Benefits of Selecting a 30-year Mortgage
Selecting a 30-year over other options comes with many benefits. Some of the benefits are:
- Fixed Payment – The first benefit of selecting a 30-year fixed mortgage is that it comes with a fixed payment. Many borrowers in the past few years have been enticed to select an ARM which offers a very low initial interest rate. Once these ARMs adjust, many homeowners have found themselves in trouble because they didn’t realize how high their payment would be, and the new adjusted payment was unaffordable. With a 30-year, you know exactly what your required payment will be over the course of the loan.
- Build Equity – Another advantage of selecting a 30-year is it allows a homeowner to build equity. Each month, a portion of the payment goes towards paying down the loan, which in turn builds a homeowner’s household equity. Other products, such as interest only loans, do not allow a homeowner to build equity.
- Increased Cash Flow – Another benefit of selecting a 30-year is that it increases your cash flow. While a 15-year comes with a lower interest rate, the payments are often 40% higher than a 30-year. By selecting a 30-year, a borrower could save hundreds of dollar each month which could be spent saved, invested, or spent elsewhere.
Costs to be Aware of
While there are many benefits of selecting a 30-year, many lenders attempt to lump additional costs of fees into the mortgage. Some of the most common costs or fees that should be avoided are as follows:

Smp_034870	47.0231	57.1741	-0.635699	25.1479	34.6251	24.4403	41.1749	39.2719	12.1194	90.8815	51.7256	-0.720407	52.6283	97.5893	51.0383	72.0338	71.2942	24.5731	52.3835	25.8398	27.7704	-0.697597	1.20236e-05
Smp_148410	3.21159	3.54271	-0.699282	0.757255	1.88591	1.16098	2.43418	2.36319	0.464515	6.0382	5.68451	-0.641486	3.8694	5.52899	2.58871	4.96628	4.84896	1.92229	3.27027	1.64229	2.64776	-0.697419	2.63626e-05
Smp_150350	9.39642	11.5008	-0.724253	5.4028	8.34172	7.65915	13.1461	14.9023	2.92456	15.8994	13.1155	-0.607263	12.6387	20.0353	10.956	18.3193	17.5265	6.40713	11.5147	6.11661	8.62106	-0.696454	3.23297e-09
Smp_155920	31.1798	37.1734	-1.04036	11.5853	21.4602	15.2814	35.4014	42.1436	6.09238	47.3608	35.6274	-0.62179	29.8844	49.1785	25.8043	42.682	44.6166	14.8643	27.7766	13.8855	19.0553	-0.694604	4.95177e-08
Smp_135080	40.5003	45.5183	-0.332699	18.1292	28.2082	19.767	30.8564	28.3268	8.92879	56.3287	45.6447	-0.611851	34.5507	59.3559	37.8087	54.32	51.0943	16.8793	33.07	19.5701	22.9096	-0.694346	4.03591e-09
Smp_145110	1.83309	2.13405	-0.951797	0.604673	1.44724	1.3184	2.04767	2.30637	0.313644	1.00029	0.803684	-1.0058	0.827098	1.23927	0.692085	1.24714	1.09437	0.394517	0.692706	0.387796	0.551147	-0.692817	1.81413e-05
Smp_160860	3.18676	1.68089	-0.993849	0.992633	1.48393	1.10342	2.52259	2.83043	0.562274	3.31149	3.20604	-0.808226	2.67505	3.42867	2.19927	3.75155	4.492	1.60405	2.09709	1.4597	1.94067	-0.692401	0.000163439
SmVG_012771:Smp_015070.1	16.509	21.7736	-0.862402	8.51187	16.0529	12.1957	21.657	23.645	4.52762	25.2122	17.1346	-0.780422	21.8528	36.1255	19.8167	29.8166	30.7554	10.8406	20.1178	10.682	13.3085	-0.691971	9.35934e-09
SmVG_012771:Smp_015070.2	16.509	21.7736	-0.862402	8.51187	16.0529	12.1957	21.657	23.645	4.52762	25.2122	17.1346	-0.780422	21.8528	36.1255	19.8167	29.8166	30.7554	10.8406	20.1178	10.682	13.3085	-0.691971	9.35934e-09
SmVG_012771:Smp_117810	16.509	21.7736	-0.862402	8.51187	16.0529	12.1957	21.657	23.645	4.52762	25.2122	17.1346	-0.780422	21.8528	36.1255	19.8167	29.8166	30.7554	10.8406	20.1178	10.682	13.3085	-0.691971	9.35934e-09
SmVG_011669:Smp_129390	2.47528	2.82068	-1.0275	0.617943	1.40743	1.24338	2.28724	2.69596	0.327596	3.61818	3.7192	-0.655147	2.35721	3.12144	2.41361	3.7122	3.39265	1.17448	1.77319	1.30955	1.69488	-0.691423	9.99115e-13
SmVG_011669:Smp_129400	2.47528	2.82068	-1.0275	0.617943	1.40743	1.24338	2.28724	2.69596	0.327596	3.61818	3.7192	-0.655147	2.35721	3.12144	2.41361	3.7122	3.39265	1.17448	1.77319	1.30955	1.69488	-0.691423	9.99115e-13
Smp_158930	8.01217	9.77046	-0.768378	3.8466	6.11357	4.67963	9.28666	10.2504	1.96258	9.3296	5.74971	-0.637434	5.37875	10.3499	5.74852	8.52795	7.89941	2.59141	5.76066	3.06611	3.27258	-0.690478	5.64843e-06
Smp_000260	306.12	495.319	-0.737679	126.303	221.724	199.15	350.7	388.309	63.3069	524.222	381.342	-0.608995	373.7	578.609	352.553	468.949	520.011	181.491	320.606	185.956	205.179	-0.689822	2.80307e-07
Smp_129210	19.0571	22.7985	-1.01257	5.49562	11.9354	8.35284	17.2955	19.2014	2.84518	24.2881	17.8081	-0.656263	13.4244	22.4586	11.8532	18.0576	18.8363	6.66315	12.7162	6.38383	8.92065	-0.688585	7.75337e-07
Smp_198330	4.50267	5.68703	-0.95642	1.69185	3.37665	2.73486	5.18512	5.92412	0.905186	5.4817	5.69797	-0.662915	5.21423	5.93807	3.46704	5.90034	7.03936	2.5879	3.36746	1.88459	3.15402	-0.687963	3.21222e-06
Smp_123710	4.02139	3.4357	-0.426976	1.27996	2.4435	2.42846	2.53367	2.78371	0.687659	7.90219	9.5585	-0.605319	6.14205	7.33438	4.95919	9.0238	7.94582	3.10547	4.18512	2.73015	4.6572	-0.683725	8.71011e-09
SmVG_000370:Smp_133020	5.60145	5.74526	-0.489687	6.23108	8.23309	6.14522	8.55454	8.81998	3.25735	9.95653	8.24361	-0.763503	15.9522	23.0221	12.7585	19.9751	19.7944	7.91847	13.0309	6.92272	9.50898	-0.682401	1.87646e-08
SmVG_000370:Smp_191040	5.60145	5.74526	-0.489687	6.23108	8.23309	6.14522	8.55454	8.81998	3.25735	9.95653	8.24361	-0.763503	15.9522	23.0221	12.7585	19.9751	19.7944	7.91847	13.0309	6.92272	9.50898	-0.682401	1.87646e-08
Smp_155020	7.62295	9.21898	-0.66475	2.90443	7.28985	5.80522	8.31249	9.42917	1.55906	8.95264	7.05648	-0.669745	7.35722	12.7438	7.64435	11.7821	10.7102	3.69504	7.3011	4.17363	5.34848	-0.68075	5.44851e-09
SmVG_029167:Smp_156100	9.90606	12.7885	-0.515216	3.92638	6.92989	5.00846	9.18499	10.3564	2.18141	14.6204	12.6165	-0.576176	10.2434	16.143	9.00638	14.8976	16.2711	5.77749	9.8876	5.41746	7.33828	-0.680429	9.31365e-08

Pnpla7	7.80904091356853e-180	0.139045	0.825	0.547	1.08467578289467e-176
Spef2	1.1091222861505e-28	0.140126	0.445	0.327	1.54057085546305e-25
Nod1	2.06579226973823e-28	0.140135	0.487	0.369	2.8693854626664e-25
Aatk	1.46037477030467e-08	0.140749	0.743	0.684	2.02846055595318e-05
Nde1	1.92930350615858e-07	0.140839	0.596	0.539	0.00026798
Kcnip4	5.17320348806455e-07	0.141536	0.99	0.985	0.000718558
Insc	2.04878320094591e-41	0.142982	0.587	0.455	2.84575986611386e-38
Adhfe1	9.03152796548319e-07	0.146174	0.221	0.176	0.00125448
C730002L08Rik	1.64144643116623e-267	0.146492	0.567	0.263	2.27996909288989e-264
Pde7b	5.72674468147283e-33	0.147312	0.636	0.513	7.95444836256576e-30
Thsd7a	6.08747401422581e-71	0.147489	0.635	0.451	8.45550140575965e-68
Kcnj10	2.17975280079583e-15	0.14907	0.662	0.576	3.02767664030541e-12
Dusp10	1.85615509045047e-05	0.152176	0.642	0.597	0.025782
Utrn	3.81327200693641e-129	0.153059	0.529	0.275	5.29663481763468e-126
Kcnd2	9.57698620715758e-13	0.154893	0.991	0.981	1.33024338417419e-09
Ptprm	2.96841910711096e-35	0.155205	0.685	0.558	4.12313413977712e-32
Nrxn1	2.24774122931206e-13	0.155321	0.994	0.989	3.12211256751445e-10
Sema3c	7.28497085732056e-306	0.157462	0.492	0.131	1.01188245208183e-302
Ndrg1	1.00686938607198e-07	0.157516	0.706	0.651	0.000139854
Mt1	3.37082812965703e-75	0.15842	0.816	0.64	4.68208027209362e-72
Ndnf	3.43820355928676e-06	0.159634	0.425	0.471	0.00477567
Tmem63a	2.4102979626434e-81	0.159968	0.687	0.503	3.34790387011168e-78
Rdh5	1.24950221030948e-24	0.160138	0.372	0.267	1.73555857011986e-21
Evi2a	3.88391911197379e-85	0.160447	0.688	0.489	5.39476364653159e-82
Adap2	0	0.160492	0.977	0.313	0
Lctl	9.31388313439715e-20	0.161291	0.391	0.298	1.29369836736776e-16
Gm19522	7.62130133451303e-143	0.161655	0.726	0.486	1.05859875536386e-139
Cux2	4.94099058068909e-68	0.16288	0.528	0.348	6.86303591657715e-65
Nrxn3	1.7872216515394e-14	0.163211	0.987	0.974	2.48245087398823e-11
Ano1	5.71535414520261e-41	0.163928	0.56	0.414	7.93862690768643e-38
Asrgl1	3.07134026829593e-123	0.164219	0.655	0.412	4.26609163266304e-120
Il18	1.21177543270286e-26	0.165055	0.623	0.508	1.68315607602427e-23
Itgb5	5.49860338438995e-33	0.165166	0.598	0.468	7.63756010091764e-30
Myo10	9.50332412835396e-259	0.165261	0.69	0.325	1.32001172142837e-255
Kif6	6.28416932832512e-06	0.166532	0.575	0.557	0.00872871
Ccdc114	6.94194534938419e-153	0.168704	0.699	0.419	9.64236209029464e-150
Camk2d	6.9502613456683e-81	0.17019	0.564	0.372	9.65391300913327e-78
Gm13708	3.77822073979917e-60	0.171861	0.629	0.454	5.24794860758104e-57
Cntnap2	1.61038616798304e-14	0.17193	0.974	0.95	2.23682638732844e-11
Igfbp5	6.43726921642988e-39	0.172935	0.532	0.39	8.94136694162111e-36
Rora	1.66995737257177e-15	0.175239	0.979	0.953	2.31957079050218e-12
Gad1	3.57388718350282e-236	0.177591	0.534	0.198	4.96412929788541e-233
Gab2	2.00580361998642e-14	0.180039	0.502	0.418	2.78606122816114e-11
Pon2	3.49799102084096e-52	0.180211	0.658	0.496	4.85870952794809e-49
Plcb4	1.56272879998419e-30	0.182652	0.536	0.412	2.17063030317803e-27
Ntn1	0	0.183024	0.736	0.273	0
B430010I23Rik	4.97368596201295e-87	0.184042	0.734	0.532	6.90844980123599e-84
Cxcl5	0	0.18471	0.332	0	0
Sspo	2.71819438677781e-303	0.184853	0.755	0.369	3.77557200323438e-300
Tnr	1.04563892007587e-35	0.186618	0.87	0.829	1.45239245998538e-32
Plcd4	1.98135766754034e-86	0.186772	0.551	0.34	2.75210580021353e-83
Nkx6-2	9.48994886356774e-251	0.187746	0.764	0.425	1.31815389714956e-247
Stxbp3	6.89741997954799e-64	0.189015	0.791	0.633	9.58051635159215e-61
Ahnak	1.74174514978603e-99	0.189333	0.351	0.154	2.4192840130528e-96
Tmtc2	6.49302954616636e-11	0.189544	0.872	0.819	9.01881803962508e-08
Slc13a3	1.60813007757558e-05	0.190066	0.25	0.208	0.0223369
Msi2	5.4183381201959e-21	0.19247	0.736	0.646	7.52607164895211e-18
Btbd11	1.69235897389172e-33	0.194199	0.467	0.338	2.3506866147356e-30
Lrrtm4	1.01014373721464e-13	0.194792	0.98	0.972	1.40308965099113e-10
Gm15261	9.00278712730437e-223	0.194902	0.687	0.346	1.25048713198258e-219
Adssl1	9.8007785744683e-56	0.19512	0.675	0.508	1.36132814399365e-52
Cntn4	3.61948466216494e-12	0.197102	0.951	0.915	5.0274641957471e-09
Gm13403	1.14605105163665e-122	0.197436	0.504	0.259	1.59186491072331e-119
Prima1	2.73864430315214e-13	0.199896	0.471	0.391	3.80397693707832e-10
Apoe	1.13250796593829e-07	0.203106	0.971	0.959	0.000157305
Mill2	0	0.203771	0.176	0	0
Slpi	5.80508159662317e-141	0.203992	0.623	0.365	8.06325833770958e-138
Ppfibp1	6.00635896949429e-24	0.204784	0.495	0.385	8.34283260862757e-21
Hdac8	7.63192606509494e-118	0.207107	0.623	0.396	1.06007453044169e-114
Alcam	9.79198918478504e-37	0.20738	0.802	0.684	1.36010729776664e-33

- Points – The most common fee that often comes with 30-year are mortgage points. A point is a fee which is either lumped into the loan balance or paid by the borrower at closing. A lender often uses points to pay down the 30-year interest rate to a lower level, which entices a borrower. Generally speaking, each point, which costs 1% of the loan balance, and pays down the interest rate by 0.125%. to 0.25%. Depending on the loan, a mortgage borrower may recoup the point fees after 3 to 5 years, though in some cases it can take significantly longer. If the homeowner sells the home before reaching the break even point then they lost money buying points.
- Balloon Payments – In some situations a lender may offer a 30-year mortgage, with a 15-year balloon payment. In this situation, the borrower would be required to either payoff the outstanding loan or refinance the loan after the 15th loan year. The borrower should avoid this stipulation, because in most situations they will not have the liquidity to make the balloon payment.
- Pre-Payment Penalty – Some lenders charge a pre-payment penalty to their borrowers. This penalty will charge a borrower a fee equal to a fixed percentage of the loan balance if they attempt to payoff the loan early. This fee normally phases out after 3 years, but can be as high as 2% of the balance. These fees are more commonly included in bad credit mortgages.